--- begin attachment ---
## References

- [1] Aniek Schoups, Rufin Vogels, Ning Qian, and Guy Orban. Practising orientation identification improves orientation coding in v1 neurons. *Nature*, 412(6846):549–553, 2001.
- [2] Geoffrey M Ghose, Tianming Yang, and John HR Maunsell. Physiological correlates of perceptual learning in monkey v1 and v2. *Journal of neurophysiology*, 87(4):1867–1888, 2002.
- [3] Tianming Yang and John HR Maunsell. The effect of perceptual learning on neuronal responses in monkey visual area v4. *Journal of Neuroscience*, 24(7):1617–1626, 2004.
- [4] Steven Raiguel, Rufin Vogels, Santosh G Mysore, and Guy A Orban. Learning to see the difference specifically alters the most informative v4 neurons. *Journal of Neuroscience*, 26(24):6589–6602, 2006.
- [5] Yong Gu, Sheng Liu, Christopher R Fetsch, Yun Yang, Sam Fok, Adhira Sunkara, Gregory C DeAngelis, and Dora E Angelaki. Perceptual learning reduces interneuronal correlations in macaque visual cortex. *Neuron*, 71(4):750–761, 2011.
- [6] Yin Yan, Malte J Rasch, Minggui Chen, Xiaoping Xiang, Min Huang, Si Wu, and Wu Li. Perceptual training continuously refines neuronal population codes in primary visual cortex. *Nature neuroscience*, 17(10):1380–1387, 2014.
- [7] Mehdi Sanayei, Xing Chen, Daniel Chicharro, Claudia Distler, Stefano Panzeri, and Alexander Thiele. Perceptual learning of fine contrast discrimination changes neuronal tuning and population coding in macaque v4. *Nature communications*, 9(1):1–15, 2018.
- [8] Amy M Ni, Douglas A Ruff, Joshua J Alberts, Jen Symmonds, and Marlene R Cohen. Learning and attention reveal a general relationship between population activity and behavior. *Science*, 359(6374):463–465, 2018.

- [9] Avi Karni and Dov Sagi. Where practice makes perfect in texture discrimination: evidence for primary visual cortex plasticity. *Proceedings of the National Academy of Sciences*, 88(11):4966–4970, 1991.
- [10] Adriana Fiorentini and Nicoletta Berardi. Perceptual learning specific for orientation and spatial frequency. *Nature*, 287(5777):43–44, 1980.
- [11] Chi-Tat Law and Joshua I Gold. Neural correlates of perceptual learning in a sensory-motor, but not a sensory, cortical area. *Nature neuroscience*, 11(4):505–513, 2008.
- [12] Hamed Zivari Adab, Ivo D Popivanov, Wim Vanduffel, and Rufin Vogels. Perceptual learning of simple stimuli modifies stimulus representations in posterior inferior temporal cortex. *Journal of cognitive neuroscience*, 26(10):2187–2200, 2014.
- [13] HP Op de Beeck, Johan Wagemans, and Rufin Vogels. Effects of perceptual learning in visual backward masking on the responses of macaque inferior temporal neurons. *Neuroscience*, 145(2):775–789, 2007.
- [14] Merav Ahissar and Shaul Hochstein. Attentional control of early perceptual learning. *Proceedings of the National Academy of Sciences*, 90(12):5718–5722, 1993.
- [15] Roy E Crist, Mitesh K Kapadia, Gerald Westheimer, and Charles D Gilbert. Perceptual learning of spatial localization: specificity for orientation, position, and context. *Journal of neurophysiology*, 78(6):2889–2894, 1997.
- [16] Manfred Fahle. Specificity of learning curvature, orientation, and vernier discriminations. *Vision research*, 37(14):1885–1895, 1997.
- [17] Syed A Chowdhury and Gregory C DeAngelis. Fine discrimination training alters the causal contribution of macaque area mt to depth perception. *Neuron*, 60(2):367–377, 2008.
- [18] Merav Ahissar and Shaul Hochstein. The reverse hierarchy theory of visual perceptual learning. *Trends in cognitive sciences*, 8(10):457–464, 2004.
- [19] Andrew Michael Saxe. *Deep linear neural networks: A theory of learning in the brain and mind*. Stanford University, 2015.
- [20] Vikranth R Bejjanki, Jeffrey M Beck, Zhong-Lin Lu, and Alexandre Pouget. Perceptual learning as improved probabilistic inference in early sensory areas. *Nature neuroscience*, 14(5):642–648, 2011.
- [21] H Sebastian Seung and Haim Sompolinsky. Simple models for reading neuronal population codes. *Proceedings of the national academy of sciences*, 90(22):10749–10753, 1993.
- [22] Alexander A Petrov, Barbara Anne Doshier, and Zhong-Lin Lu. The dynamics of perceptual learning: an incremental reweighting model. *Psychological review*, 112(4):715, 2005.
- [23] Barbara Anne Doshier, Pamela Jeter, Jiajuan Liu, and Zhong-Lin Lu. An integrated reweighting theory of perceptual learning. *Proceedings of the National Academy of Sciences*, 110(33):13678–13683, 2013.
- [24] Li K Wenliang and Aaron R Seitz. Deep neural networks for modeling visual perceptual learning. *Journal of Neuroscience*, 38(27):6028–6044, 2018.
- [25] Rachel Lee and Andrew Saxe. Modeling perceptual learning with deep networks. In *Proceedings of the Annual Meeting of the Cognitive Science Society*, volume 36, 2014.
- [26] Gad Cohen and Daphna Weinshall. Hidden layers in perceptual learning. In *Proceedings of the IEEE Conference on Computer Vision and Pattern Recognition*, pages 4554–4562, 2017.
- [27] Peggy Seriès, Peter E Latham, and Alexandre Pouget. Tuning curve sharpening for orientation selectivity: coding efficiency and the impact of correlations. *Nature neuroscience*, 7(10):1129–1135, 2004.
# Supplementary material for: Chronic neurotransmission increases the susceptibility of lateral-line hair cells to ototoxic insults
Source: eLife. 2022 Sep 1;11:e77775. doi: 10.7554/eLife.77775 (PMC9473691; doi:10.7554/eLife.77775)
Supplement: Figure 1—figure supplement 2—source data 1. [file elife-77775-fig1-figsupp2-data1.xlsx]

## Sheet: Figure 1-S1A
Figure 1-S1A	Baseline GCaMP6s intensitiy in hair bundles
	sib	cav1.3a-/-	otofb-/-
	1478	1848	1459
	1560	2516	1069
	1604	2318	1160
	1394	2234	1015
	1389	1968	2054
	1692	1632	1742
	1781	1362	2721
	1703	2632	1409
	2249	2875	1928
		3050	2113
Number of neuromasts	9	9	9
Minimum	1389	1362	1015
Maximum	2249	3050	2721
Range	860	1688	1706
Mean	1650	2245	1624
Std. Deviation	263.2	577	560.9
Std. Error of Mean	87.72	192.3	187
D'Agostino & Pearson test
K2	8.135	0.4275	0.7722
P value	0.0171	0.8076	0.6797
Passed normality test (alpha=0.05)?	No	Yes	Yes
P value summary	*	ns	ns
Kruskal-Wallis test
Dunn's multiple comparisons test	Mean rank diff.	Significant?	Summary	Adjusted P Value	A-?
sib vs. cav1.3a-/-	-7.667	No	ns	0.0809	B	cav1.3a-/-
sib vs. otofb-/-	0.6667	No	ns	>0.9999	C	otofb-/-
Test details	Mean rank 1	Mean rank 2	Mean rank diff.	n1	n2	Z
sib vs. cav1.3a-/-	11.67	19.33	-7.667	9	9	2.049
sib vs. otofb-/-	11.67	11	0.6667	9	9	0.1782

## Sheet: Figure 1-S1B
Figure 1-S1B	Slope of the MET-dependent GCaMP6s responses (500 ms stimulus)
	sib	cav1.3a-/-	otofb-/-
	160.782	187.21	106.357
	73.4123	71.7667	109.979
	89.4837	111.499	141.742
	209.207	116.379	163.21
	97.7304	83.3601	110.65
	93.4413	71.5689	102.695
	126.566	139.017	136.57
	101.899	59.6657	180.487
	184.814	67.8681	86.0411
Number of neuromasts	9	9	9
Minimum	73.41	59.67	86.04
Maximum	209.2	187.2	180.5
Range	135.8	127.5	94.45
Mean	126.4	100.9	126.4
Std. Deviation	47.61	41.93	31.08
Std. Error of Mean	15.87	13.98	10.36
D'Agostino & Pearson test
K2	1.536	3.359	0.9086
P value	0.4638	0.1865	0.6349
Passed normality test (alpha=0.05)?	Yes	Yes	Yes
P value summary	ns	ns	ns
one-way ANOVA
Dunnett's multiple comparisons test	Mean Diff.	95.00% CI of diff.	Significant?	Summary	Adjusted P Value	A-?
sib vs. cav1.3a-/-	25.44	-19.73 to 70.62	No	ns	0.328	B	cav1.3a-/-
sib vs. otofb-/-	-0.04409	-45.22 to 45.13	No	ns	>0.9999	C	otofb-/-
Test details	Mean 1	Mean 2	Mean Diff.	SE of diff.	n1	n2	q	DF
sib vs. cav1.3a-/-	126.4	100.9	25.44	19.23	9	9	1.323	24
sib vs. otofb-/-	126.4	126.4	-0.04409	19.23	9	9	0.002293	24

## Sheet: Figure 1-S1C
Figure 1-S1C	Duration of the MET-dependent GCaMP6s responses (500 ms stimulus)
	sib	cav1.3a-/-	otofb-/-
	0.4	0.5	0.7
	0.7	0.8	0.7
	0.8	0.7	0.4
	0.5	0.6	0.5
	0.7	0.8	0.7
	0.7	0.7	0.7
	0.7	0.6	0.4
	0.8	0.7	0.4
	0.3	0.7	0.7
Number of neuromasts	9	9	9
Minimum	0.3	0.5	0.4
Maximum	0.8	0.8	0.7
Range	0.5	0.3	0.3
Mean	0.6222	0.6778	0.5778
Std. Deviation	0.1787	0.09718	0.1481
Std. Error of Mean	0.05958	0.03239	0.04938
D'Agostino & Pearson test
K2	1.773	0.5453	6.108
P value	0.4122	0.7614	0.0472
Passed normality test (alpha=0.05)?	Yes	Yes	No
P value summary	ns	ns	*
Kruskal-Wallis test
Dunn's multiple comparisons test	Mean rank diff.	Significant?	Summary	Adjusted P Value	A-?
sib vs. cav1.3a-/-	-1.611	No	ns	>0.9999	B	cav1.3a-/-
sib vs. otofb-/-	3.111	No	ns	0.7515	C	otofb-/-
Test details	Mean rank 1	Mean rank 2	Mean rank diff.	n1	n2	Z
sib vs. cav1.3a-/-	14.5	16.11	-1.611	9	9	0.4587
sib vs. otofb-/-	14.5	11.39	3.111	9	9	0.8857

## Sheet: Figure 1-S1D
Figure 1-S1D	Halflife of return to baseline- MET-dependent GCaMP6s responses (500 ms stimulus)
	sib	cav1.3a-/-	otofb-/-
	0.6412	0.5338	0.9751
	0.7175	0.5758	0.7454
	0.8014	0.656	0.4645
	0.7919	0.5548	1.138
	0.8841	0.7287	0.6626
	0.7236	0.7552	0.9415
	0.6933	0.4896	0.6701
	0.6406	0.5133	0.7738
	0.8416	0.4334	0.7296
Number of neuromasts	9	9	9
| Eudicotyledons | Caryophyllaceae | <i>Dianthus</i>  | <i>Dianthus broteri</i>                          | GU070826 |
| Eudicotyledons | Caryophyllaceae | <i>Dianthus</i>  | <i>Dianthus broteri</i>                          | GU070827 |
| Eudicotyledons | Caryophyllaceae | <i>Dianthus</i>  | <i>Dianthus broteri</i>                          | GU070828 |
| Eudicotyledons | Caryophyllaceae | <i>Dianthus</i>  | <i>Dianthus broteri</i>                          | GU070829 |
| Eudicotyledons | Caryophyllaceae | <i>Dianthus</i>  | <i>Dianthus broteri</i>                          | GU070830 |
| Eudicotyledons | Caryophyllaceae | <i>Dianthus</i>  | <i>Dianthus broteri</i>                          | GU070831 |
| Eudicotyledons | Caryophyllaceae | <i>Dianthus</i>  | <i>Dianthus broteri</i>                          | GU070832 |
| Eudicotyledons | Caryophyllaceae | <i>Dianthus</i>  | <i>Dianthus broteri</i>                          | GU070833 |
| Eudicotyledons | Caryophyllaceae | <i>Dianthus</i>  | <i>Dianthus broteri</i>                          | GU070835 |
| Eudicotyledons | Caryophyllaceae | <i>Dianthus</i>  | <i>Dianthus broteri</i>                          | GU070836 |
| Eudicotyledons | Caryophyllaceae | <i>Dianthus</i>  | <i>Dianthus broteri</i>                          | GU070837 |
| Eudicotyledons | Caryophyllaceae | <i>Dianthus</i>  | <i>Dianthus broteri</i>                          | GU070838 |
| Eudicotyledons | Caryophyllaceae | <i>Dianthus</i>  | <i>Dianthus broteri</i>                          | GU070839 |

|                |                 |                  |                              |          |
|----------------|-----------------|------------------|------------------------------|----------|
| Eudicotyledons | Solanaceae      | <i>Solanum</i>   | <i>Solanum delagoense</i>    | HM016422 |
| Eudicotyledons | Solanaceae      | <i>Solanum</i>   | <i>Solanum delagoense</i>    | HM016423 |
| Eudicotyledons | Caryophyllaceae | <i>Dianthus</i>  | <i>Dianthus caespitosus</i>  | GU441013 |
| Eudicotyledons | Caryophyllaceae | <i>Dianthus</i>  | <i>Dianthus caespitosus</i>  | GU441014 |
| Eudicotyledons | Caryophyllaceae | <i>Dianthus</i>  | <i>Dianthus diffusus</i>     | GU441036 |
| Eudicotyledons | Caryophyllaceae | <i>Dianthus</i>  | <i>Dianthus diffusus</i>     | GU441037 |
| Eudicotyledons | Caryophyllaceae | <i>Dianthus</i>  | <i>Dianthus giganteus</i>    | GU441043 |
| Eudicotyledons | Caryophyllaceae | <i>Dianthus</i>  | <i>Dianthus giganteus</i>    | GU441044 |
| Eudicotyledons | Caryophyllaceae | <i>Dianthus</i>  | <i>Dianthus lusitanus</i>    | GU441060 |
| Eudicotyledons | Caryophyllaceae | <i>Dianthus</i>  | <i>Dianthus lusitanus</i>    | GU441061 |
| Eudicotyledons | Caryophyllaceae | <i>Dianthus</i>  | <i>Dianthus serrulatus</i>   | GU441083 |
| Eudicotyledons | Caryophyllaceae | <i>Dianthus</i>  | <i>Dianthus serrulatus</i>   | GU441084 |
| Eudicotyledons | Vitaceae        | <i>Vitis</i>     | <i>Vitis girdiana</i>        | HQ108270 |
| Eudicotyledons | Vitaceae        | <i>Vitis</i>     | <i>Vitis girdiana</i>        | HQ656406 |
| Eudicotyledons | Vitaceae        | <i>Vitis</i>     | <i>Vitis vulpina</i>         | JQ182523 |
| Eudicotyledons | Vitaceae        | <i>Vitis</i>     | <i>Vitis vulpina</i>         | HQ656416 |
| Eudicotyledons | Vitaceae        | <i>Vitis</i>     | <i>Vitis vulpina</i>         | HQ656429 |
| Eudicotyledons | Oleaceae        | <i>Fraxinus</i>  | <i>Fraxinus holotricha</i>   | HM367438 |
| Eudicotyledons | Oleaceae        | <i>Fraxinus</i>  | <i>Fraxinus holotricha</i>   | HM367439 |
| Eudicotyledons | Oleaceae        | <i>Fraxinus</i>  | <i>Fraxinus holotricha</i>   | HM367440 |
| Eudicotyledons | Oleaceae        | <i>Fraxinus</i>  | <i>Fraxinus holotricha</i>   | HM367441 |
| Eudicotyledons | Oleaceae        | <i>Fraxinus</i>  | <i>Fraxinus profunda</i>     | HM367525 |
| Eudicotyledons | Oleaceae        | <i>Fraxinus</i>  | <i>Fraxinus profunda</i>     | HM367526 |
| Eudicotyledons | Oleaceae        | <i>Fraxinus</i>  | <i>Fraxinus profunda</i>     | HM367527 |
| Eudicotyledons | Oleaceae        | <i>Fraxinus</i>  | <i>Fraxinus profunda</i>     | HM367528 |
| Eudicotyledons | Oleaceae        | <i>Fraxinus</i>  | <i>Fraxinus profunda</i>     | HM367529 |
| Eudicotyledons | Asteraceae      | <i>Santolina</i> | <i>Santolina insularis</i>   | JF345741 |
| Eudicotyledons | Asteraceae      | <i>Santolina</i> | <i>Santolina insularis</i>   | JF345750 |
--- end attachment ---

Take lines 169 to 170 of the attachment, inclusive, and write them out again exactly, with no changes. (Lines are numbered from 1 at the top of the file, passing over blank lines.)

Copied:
| Eudicotyledons | Vitaceae        | <i>Vitis</i>     | <i>Vitis vulpina</i>         | HQ656416 |
| Eudicotyledons | Vitaceae        | <i>Vitis</i>     | <i>Vitis vulpina</i>         | HQ656429 |